My Lords, we have reached the end of a characteristically well-informed and wide-ranging debate. I shall do my best, as the noble Lord, Lord Graham of Edmonton, would have me do, to answer as many points as I possibly can. However, I should like to begin by dwelling on one or two areas of particular concern which have been raised, and first of all I take arms control. It is a matter of great concern to us all, and was particularly referred to by the noble Lord, Lord Boston of Faversham.As my noble friend Lord Trefgarne reminded us, the Government are fully committed to achieving realistic, balanced and verifiable agreements on the control of armaments. This is an essential part of our security policy. Indeed, arms control and defence are two sides of the same coin—the security coin. This year's Statement contains a short section that sets out the issues very clearly, and I commend it to your Lordships. It reminds us that arms control adds to our security by contributing to world stability; by reducing international tension and limiting the arms race; and by preventing the spread of weapons. It also reminds us that arms control, by itself, is not enough to preserve the peace and freedom that we enjoy. It is not an alternative to prudent defence; it is not a means by which one side can gain, or keep, an advantage over the other; and it is not a quick and easy short-cut to better East-West relations. In fact, satisfactory arms control agreements are more likely to flow from stable international relations than to create them. The Government's approach to all arms control discussions must be seen against this background. No more important talks are now taking place than those between the United States and the Soviet Union on nuclear and space arms in Geneva. Britain is not involved directly in these talks, nor should we be. Our independent strategic deterrent is a minimum force of last resort, which will continue to represent, even with Trident, a tiny proportion of US-Soviet strategic weaponry. The priority must be for reductions in the arsenals of the superpowers. The United States consults us and our other allies closely on the details of the talks. Arms control is a slow and painstaking business. We cannot expect success overnight. We must be realistic in our expectations of Geneva. But the Government thoroughly and whole-heartedly support the objectives of the talks, and the United States proposals on the table for implementing them. These include a balanced proposal for 50 per cent. cuts in strategic weapons, and the global elimination of INF weapons—or an interim agreement if the Soviet Union cannot agree to a ban immediately. We hope that the latest Soviet proposals tabled at the negotiations in recent weeks indicate that they, too, are now prepared to take a more positive approach. In the meantime, we support adherence to those treaties and agreements that are already in existence. More than once in the past year President Reagan has taken a deliberate decision to dismantle older weapon systems in order to remain within the limits specified in the unratified SALT II agreement We support and applaud those decisions, and we urge the Soviet Union to respond constructively to US concerns over their compliance record, and hope that both sides, as indeed the noble Lord, Lord Boston, would have them do, will continue to observe the SALT agreement in the future. This country plays a prominent part in other forums for arms control. At the Geneva Conference on Disarmament we are working actively towards a comprehensive and verifiable worldwide ban on chemical weapons—a subject raised by many of your Lordships. As has been said, we abandoned our stocks in the late 1950s, and no change in that policy is proposed. As the noble Lord, Lord Boston, said, the Soviet Union has for many years had a virtual monopoly of these dreadful weapons in Europe. Despite what the noble Lord, Lord Rea, said, it has shown scant enthusiasm for serious negotiations to get rid of them—a perfect illustration of the ineffectiveness of one-sided disarmament by the West. The United States plans to modernise their own chemical weapons stocks, which we fully support, underline to the Soviet Union the benefits of achieving a realistic global ban on these weapons. Surely any criticism should be directed at the Soviet Union for retaining a massive chemical warfare capability—a point which underlay some of the speech by my noble friend Lord Fortescue and was indeed stressed by my noble friend Lord Mottistone, too. As to the suggestion that there had been some change in policy formulation on this issue—a point raised by the noble Lord, Lord Boston—force goals are part of collective NATO defence planning. A number of force goals are added to each member country every other year as part of alliance procedures. The final step is for the force goal package to be formally adopted by the Defence Planning Committee. This meets first in permanent session with countries represented by ambassadors; then, as on 22nd May, in ministerial session. The fact that on 22nd May Ministers were invited simply to take note of the permanent representatives' recommendations on no sense precluded them from discussing the matter or from rejecting the proposals if they so wished. In Stockholm we take part in the Conference on Disarmament in Europe, and together with our allies we have put forward a package of practical measures for increased openness on military activities as a means of building confidence and lessening tension in the whole of Europe. Progress will be reviewed in Vienna this November. In addition, at the Mutual and Balanced Force Reductions talks in Vienna we and our allies continue to seek agreement on balanced and verifiable troop reductions. We still await a constructive and specific Soviet response to our proposals of last December—to which the United Kingdom made a major contribution. We are studying with interest Mr. Gorbachev's recent proposals for widespread cuts in troop and weapon numbers in Europe from the Atlantic to the Urals. The renewed Soviet interest in conventional arms control is welcome. For our part, NATO Ministers decided last month to set up a high-level task force on conventional arms control. Its purpose is to look for new and imaginative ways forward in this field. We intend to play a full part in this group's activities, and to work urgently towards the objective of a verifiable, comprehensive and stable balance of conventional forces at lower levels. Major difficulties in this quest have included the Soviet refusal to discuss force numbers or admit the extent of the current imbalance, or to accept adequate verification measures. We hope that the Warsaw Pact is now prepared to move on these issues. The opportunity to demonstrate their willingness to make progress is there in the negotiations already under way. If the Warsaw Pact is ready for genuine negotiation on these matters, they will find that we are, too.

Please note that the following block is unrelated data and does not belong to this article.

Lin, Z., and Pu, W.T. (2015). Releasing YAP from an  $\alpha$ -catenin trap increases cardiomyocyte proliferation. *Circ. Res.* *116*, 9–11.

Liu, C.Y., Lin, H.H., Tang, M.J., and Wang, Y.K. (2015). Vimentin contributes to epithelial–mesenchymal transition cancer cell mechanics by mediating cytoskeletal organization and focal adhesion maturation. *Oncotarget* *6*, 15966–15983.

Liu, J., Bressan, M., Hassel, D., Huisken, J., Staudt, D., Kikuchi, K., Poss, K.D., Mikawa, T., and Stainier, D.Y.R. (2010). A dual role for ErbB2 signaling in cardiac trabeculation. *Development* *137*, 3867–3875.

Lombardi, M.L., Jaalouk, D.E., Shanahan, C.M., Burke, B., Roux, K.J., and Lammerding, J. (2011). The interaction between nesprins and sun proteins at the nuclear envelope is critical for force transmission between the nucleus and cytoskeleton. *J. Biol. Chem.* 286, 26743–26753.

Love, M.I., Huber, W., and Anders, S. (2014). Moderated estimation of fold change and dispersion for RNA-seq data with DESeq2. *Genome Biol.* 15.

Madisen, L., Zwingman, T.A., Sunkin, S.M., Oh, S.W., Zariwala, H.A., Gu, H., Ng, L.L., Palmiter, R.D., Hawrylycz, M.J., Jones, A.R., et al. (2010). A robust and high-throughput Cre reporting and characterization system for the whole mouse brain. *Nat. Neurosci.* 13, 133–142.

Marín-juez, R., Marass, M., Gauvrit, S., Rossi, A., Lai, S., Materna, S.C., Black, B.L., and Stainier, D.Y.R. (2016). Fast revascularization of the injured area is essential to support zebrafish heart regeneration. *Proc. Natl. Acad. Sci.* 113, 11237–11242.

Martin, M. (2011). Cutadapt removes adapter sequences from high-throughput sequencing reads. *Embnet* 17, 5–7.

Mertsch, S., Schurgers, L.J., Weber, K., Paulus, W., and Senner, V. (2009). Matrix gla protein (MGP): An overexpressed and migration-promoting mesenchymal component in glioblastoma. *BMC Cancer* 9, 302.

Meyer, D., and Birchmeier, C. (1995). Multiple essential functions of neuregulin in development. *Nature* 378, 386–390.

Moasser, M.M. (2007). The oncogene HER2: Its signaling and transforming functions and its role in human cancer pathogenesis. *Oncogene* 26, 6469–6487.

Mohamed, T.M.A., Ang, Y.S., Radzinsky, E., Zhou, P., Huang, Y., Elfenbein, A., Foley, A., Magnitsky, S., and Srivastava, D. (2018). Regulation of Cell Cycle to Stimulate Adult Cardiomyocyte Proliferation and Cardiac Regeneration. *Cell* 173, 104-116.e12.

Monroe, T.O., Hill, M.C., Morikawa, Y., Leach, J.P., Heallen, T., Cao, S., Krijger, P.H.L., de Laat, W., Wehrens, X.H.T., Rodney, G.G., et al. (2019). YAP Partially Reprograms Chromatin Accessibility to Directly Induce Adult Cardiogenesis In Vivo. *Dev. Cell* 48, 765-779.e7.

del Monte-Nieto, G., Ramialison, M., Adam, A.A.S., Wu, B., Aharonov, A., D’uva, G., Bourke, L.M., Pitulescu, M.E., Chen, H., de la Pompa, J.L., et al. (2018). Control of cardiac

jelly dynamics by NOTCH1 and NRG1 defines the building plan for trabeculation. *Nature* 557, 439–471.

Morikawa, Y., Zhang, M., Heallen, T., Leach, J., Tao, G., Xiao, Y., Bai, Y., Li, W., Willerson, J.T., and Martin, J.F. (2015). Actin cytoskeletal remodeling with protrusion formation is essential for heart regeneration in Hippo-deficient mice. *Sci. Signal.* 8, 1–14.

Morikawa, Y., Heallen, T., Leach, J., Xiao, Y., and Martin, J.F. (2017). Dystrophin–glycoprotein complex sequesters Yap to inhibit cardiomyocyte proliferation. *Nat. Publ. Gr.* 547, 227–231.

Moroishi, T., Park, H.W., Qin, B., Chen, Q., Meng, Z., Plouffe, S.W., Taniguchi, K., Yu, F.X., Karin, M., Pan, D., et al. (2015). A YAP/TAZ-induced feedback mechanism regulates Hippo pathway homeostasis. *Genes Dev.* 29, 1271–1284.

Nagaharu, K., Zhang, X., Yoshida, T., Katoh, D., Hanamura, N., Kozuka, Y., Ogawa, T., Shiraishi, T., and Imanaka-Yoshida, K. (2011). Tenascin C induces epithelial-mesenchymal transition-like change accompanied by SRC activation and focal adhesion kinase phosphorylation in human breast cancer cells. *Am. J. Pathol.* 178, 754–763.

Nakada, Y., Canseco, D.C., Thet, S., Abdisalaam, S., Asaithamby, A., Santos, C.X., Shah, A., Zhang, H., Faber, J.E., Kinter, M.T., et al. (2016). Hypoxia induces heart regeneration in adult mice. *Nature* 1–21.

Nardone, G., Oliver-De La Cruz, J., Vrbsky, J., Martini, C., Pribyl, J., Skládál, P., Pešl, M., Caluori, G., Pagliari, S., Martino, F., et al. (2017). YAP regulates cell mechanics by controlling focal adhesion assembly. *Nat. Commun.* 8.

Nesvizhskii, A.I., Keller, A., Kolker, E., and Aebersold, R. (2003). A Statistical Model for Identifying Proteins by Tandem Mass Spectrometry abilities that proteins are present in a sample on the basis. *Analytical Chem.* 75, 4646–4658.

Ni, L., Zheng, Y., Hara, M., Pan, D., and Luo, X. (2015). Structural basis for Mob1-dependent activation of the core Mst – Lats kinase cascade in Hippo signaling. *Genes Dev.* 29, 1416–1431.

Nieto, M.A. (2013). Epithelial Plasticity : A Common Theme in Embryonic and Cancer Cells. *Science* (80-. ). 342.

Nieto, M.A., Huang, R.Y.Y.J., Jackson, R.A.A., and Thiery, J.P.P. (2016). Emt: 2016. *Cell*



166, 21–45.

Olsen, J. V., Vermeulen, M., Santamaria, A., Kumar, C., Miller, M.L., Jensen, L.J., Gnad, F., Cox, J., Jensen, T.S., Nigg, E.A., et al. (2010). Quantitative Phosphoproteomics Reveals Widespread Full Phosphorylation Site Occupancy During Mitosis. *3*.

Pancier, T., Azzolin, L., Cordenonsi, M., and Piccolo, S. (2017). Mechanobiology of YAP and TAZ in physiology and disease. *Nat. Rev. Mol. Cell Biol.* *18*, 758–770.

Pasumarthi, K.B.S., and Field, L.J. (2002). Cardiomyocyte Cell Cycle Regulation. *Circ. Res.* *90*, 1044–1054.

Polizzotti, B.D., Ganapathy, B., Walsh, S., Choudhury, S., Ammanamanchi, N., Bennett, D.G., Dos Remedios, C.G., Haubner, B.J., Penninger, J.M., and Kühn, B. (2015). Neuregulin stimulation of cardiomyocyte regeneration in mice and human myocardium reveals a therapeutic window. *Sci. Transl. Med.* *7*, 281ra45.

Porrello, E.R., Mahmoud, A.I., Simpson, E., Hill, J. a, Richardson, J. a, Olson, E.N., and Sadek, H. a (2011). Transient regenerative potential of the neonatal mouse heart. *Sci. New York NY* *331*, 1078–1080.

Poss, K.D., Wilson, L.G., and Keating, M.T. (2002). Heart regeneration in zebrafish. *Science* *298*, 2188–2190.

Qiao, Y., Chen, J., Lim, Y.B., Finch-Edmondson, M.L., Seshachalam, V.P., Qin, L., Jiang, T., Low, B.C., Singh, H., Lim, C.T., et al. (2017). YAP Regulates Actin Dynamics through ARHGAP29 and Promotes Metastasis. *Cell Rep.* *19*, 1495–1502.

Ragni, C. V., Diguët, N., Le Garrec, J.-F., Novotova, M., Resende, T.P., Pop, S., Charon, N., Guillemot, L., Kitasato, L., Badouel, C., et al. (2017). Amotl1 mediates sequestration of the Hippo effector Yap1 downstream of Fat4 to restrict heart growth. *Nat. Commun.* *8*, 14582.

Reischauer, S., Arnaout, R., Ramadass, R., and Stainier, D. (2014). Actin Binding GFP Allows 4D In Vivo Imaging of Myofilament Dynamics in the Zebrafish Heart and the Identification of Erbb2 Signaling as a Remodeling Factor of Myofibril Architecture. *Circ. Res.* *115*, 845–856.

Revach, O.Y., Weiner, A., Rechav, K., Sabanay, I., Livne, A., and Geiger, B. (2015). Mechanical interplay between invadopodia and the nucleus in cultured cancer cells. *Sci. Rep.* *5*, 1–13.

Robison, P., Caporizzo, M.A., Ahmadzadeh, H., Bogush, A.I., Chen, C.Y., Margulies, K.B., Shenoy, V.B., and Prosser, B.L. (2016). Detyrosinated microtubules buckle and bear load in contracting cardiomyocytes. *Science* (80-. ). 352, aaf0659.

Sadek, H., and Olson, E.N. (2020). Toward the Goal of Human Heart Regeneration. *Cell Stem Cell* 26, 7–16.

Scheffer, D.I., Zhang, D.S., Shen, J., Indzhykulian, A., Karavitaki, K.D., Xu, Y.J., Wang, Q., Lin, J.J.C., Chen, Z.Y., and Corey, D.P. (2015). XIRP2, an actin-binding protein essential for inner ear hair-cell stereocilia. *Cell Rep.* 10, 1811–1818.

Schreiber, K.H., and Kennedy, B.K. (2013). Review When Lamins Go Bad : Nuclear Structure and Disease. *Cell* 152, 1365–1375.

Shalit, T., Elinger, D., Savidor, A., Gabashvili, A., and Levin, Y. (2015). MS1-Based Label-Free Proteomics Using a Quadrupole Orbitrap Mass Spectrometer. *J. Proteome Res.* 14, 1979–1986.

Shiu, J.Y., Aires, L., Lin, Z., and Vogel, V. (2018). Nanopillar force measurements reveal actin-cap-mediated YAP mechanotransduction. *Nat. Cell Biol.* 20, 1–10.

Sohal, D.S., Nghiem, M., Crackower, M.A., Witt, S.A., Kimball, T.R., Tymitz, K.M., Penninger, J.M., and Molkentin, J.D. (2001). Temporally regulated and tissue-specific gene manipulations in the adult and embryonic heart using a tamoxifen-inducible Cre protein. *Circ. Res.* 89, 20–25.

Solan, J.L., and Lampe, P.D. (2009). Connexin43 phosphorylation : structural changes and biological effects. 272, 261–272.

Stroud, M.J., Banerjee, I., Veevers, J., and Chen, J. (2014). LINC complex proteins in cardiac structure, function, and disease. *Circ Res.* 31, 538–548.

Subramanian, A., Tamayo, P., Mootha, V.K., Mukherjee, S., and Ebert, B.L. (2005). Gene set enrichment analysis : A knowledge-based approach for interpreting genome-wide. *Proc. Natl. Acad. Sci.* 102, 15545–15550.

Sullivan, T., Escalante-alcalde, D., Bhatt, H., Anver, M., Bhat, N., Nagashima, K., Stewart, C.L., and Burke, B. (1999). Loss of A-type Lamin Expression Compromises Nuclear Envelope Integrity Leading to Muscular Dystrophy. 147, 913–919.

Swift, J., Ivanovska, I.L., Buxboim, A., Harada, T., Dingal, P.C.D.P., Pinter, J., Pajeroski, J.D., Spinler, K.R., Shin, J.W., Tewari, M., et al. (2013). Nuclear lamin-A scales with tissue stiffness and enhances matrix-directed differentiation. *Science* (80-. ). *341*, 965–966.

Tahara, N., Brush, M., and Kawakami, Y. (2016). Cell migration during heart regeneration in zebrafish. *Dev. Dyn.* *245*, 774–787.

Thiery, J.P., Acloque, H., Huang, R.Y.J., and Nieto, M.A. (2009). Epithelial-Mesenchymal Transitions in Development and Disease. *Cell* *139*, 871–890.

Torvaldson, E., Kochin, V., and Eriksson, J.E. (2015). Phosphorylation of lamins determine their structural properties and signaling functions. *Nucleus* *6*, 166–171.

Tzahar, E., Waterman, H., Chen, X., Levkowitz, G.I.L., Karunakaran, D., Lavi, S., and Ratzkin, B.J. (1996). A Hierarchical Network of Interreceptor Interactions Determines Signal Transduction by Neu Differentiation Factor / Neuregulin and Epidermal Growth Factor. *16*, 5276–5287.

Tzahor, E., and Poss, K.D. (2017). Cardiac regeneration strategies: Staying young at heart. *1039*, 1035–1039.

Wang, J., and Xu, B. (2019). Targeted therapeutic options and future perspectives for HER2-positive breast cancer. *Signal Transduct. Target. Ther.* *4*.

My Lords, would the noble Lord permit me to intervene?